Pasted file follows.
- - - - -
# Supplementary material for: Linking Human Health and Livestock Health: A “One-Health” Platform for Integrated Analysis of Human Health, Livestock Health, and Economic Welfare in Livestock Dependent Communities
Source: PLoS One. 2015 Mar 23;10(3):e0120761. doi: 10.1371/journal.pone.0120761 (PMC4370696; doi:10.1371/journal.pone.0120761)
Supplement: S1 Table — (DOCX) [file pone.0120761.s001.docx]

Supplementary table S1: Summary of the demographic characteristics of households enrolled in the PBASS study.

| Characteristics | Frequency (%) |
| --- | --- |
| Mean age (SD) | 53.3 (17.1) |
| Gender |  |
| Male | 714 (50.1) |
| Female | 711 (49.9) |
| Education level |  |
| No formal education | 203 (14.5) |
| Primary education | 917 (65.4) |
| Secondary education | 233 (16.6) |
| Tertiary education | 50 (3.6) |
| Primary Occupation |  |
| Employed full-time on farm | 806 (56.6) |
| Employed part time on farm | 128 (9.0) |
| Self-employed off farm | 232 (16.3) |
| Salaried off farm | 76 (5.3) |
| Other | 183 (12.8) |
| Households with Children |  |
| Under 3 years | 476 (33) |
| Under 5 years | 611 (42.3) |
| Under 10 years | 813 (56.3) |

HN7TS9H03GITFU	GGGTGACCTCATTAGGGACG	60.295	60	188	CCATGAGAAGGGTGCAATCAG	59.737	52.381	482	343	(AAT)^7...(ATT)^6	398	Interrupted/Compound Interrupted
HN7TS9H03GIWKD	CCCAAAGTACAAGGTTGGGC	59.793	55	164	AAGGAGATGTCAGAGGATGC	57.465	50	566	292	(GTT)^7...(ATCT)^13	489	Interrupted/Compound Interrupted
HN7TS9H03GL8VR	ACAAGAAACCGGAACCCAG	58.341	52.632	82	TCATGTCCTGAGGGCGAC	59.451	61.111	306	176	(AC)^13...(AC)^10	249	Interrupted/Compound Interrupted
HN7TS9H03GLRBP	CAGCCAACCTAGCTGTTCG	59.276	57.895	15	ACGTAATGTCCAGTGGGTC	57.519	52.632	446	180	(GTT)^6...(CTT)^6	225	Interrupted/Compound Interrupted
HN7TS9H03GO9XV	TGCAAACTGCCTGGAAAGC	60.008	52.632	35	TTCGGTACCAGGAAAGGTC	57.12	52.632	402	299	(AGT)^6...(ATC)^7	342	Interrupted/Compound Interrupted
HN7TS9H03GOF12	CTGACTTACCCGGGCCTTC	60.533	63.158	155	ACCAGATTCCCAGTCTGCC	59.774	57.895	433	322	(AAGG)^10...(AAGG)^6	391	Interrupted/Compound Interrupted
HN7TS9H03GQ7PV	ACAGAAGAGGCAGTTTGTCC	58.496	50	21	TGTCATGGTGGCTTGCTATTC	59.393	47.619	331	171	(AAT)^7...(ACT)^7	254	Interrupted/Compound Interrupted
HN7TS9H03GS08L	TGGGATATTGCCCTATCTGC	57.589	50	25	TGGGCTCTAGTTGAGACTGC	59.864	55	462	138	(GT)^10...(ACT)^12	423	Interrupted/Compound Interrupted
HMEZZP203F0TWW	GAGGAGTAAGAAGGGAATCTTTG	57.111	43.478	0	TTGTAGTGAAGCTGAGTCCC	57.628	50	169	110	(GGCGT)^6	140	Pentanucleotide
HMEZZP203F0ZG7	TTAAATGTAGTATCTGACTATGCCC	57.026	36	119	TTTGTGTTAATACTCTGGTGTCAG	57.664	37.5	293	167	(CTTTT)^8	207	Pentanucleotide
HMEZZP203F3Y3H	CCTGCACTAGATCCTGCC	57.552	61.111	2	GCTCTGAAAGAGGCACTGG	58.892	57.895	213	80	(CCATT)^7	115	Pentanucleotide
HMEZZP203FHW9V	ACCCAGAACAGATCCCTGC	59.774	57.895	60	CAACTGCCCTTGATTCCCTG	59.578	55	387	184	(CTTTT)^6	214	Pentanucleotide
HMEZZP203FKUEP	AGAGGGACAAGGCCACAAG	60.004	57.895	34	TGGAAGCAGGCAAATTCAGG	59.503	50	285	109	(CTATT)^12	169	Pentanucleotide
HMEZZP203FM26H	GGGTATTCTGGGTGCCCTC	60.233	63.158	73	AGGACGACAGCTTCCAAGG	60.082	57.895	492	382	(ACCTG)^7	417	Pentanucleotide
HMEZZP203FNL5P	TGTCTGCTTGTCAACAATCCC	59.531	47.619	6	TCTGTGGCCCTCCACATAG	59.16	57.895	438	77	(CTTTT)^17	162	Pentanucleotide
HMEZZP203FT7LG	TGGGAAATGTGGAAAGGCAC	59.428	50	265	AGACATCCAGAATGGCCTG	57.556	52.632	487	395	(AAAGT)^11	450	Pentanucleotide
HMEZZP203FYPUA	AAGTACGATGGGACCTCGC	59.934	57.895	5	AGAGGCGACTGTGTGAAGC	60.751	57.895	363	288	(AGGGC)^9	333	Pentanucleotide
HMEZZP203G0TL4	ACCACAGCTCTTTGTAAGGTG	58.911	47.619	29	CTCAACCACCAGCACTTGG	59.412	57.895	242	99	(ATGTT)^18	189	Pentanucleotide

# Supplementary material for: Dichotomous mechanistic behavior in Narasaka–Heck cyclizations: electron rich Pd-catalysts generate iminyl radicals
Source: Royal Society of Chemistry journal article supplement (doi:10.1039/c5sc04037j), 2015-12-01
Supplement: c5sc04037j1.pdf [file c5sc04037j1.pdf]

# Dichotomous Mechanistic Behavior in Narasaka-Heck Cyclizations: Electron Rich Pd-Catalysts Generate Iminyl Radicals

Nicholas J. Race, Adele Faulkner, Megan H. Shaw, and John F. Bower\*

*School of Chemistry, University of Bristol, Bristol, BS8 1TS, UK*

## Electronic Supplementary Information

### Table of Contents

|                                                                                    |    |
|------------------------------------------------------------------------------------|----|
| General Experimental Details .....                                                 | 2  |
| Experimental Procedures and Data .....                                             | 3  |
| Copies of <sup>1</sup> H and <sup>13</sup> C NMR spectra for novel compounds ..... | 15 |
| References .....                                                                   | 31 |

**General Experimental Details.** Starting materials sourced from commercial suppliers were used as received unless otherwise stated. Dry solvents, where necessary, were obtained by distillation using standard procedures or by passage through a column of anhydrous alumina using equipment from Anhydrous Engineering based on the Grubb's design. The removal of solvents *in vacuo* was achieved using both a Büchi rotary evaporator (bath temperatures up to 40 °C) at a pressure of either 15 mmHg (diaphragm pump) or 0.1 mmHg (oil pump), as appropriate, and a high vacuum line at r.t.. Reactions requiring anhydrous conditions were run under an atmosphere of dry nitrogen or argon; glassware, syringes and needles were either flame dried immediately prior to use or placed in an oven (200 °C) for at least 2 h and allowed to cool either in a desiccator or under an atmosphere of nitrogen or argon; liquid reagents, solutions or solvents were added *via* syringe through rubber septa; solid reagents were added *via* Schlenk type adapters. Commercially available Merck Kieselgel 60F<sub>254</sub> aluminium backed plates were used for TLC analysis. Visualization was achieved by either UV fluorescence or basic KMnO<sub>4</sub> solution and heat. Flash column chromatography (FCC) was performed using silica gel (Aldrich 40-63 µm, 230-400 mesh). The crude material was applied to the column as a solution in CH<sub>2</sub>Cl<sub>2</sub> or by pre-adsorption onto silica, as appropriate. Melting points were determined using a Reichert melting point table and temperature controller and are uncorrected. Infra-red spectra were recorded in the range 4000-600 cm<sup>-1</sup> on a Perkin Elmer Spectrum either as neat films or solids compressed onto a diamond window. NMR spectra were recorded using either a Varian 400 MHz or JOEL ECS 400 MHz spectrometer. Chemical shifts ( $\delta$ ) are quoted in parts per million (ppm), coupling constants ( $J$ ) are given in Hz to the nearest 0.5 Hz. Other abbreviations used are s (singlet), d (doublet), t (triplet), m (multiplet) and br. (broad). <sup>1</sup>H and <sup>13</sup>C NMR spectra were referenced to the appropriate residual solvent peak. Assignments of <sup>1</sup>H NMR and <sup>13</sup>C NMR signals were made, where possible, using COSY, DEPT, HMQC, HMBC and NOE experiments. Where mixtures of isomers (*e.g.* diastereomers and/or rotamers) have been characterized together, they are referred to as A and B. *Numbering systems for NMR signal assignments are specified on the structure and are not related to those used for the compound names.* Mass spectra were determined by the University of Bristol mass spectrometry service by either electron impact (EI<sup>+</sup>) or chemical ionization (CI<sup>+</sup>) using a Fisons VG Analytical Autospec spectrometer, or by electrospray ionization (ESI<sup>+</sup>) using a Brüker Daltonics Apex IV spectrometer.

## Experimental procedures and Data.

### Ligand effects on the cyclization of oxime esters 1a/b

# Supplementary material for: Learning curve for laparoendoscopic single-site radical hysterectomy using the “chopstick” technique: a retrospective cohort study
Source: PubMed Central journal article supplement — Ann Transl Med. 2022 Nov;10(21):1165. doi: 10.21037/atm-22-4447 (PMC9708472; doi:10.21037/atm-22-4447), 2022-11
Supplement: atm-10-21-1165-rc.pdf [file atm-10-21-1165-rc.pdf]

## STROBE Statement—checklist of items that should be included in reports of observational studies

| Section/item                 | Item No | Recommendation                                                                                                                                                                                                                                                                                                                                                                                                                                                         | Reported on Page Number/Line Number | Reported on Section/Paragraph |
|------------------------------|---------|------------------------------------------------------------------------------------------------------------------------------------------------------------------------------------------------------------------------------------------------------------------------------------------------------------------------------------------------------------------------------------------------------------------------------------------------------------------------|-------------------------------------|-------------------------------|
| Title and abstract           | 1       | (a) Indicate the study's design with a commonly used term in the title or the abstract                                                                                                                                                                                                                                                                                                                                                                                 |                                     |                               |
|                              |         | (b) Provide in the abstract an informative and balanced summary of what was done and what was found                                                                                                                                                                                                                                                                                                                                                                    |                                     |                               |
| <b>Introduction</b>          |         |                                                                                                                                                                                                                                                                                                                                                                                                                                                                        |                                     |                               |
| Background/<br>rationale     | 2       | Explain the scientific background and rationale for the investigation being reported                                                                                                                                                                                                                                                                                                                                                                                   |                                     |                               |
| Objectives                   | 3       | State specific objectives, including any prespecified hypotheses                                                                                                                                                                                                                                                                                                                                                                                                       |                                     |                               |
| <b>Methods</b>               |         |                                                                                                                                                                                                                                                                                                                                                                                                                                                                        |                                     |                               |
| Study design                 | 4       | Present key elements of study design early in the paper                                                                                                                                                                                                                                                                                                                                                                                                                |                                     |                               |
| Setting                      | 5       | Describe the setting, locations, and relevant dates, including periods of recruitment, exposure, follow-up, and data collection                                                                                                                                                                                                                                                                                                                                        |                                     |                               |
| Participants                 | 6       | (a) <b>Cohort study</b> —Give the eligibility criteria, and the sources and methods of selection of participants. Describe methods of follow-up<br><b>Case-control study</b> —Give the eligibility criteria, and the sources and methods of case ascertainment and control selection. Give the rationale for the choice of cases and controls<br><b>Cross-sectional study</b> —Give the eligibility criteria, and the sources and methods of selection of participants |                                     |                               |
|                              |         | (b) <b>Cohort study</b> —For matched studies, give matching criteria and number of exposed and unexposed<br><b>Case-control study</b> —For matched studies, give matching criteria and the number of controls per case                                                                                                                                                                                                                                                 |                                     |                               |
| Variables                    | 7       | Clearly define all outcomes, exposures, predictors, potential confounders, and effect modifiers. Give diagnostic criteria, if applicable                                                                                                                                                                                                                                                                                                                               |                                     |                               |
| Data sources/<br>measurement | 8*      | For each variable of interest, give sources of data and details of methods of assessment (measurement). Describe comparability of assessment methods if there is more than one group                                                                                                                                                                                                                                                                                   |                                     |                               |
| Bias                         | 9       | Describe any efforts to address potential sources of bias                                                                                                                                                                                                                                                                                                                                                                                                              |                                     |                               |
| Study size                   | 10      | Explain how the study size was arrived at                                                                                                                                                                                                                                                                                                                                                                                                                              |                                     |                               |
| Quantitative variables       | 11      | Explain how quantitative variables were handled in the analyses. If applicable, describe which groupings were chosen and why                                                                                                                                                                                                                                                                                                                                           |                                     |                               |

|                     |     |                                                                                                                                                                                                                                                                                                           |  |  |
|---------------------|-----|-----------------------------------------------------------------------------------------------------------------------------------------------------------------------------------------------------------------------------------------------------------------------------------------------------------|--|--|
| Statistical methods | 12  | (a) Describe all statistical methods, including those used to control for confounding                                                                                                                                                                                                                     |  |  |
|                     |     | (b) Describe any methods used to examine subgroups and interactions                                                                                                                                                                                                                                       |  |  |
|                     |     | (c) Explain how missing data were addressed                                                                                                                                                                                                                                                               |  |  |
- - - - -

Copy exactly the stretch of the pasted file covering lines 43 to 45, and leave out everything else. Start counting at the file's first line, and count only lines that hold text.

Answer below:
HMEZZP203G0TL4	ACCACAGCTCTTTGTAAGGTG	58.911	47.619	29	CTCAACCACCAGCACTTGG	59.412	57.895	242	99	(ATGTT)^18	189	Pentanucleotide

# Supplementary material for: Dichotomous mechanistic behavior in Narasaka–Heck cyclizations: electron rich Pd-catalysts generate iminyl radicals
Source: Royal Society of Chemistry journal article supplement (doi:10.1039/c5sc04037j), 2015-12-01